From 2020, shipping companies will have to comply to International Maritime Organization IMO 2020 rules which states that sulfur content in marine fuel must be 0.5%, down from 3.5%.The biggest polluters are dry bulk ships, which make up more than a fifth of the world’s ocean-going vessels.
With new sulfur emission rules coming up from 2020, investment funds are charting a new course as they place their bets for the shipping sector.
According to the International Maritime Organization, the maximum sulfur content allowable in marine fuel from 2020 will be 0.5%, down from 3.5%. Shipping companies have caught in a conundrum on how to comply with this regulation without significantly driving up costs.
Many shipowners have installed exhaust cleaning systems, known as scrubbers so that they can continue to use high-sulfur fuel, while others are switching to low-sulfur marine diesel. Most expect a period of turbulence when the “IMO 2020” rules come into effect.
Investors have come up with strategies and are launching funds, which have exposure to parts of the shipping and oil industries, in order to reap the benefits from the new emissions caps.
As per John Kartsonas, managing partner of Breakwave Advisors, investors’ views on shipping and IMO 2020, is likely to drive up freight rates.
In 2018, Breakwave launched an exchange-traded fund to invest in dry bulk freight derivatives, hoping to benefit from IMO 2020.
“Rarely you see such a potentially massive disruption,” said Kartsonas. “Delays, a reduced active fleet supply, slow steaming and port congestion can push freight rates to decade highs, and beyond.”
The Baltic Exchange’s main sea freight index, which tracks rates for ships carrying dry bulk commodities, had crashed to 700 following the 2007-2009 financial crisis from a record 11,793 points. It is now at around 1,500 points.
Dry bulk ships make up more than a fifth of the world’s ocean-going vessels and many are among the most polluting ships.
London-based Svelland Capital, a hedge fund, is focusing on petroleum products that are likely to be affected by the rules.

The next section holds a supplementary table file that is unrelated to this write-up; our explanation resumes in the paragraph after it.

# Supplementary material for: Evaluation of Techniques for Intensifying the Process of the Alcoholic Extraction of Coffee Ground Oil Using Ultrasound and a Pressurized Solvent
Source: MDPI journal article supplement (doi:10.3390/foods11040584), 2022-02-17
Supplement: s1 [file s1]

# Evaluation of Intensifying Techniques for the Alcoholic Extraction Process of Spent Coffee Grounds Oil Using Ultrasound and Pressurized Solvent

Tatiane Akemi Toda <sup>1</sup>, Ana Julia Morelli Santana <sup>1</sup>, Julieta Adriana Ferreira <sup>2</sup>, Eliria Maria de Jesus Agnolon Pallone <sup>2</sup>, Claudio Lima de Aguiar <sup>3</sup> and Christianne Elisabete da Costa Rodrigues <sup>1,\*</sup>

“IMO 2020, together with the ballast water treatment, will turn shipping upside down and create supply shock,” said Tor Svelland, Svelland Capital’s chief investment officer.
Later this month, Svelland Capital is set to launch a “IMO direct exposure fund” aimed at investors who want to take positions based on IMO 2020, but are less familiar with oil derivatives.
“This is the largest regulatory change in the oil space ever and it will have a massive effect far outside of shipping,” said Kenneth Tveter, the fund’s portfolio manager.
There is a lack of consensus among investors whether there will be enough low-sulfur fuel to meet demand once IMO 2020 comes into effect. According to industry consultants, of the 60,000 odd vessels worldwide, only 3% to 5% are likely to have scrubbers by 2020.
Significantly, the uncertainty surrounding the demand for high-sulfur fuel is likely to translate into a wider price gap between various fuel grades, as well as the different types of crude used to make them.
“You can try and pick winners in the shipping segment of the equity markets, but to get a pure play you need the derivatives market,” said Tveter. “The new fund will look at all the parts of refining that will be affected by the new regulations.
Incidentally, on July 4, China had stated, it plans on launching a futures contract for low-sulfur fuel oil by the end of 2019.
According to Dutch asset manager Robeco, it is investing in oil refineries that are well-placed to produce large quantities of low-sulfur diesel.
“We are invested in refiners since earlier this year and this has been one of the drivers for that investment,” said Fabiana Fedeli, global head of fundamental equities.
Robeco is selecting complex refineries, plants that can turn low-value fuel oil into higher-value products such as distillates, octane and low-sulphur fuel. According to Fedeli, “concerns about disruptions to global trade had weighed on refining margins and related stocks this year, but IMO 2020 could change that”.
She went on to add, “We expect that the impact on refinery margins will become tangible from late Q3 2019 when ships are likely to begin shifting to compliant fuels. Interestingly, this is still not reflected in diesel crack futures.”
As per Alistair Way, head of emerging market equities at UK-based asset manager Aviva Investors, refineries, which have invested to produce more compliant fuel are likely to benefit.
Asian refiners such as S-Oil, Thai Oil, are well placed since they produced a bigger than average proportion of middle distillates and had less exposure to high-sulfur fuels.
Hedge fund CF Partners in London is focusing on price gaps between different crudes. It expects sweet crude with higher levels of distillates such as Nigeria’s Bonny Light or U.S. shale to be more in vogue than heavier, sour crude.